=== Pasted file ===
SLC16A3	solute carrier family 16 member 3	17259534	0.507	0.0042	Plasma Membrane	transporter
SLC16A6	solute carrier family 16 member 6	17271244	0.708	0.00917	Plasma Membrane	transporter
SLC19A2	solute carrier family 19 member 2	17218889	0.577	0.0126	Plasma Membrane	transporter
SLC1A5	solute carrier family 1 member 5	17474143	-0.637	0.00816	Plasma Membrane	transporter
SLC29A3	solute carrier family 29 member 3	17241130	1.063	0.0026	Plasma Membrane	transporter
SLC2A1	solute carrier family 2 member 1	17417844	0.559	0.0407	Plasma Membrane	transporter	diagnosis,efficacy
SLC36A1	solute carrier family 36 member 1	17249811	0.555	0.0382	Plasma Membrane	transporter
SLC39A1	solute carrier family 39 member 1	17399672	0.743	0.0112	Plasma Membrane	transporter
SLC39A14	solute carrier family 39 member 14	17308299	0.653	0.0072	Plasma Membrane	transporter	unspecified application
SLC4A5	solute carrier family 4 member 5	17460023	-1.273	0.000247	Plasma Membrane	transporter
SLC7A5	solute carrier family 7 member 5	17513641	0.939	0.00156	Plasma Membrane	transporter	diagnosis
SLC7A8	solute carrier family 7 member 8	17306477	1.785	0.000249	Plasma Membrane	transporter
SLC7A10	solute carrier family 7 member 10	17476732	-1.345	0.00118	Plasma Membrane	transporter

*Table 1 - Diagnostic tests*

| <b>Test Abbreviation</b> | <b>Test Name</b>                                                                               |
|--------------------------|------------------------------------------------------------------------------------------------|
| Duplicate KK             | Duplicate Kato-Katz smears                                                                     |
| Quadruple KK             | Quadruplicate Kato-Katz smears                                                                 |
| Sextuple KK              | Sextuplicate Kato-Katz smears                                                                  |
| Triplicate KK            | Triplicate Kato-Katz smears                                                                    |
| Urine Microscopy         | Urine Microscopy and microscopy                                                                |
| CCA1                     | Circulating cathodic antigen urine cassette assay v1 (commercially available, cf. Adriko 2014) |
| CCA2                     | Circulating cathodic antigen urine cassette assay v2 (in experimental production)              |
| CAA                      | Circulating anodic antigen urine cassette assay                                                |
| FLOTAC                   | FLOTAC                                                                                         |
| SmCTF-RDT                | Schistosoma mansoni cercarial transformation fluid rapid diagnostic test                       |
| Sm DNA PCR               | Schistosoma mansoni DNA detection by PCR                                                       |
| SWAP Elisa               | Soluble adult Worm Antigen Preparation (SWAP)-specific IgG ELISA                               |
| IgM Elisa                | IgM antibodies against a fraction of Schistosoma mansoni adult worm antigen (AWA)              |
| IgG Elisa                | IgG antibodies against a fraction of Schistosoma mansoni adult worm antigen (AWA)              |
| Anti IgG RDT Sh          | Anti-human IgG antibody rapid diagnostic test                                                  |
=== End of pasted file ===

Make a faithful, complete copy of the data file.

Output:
SLC16A3	solute carrier family 16 member 3	17259534	0.507	0.0042	Plasma Membrane	transporter
SLC16A6	solute carrier family 16 member 6	17271244	0.708	0.00917	Plasma Membrane	transporter
SLC19A2	solute carrier family 19 member 2	17218889	0.577	0.0126	Plasma Membrane	transporter
SLC1A5	solute carrier family 1 member 5	17474143	-0.637	0.00816	Plasma Membrane	transporter
SLC29A3	solute carrier family 29 member 3	17241130	1.063	0.0026	Plasma Membrane	transporter
SLC2A1	solute carrier family 2 member 1	17417844	0.559	0.0407	Plasma Membrane	transporter	diagnosis,efficacy
SLC36A1	solute carrier family 36 member 1	17249811	0.555	0.0382	Plasma Membrane	transporter
SLC39A1	solute carrier family 39 member 1	17399672	0.743	0.0112	Plasma Membrane	transporter
SLC39A14	solute carrier family 39 member 14	17308299	0.653	0.0072	Plasma Membrane	transporter	unspecified application
SLC4A5	solute carrier family 4 member 5	17460023	-1.273	0.000247	Plasma Membrane	transporter
SLC7A5	solute carrier family 7 member 5	17513641	0.939	0.00156	Plasma Membrane	transporter	diagnosis
SLC7A8	solute carrier family 7 member 8	17306477	1.785	0.000249	Plasma Membrane	transporter
SLC7A10	solute carrier family 7 member 10	17476732	-1.345	0.00118	Plasma Membrane	transporter

*Table 1 - Diagnostic tests*

| <b>Test Abbreviation</b> | <b>Test Name</b>                                                                               |
|--------------------------|------------------------------------------------------------------------------------------------|
| Duplicate KK             | Duplicate Kato-Katz smears                                                                     |
| Quadruple KK             | Quadruplicate Kato-Katz smears                                                                 |
| Sextuple KK              | Sextuplicate Kato-Katz smears                                                                  |
| Triplicate KK            | Triplicate Kato-Katz smears                                                                    |
| Urine Microscopy         | Urine Microscopy and microscopy                                                                |
| CCA1                     | Circulating cathodic antigen urine cassette assay v1 (commercially available, cf. Adriko 2014) |
| CCA2                     | Circulating cathodic antigen urine cassette assay v2 (in experimental production)              |
| CAA                      | Circulating anodic antigen urine cassette assay                                                |
| FLOTAC                   | FLOTAC                                                                                         |
| SmCTF-RDT                | Schistosoma mansoni cercarial transformation fluid rapid diagnostic test                       |
| Sm DNA PCR               | Schistosoma mansoni DNA detection by PCR                                                       |
| SWAP Elisa               | Soluble adult Worm Antigen Preparation (SWAP)-specific IgG ELISA                               |
| IgM Elisa                | IgM antibodies against a fraction of Schistosoma mansoni adult worm antigen (AWA)              |
| IgG Elisa                | IgG antibodies against a fraction of Schistosoma mansoni adult worm antigen (AWA)              |
| Anti IgG RDT Sh          | Anti-human IgG antibody rapid diagnostic test                                                  |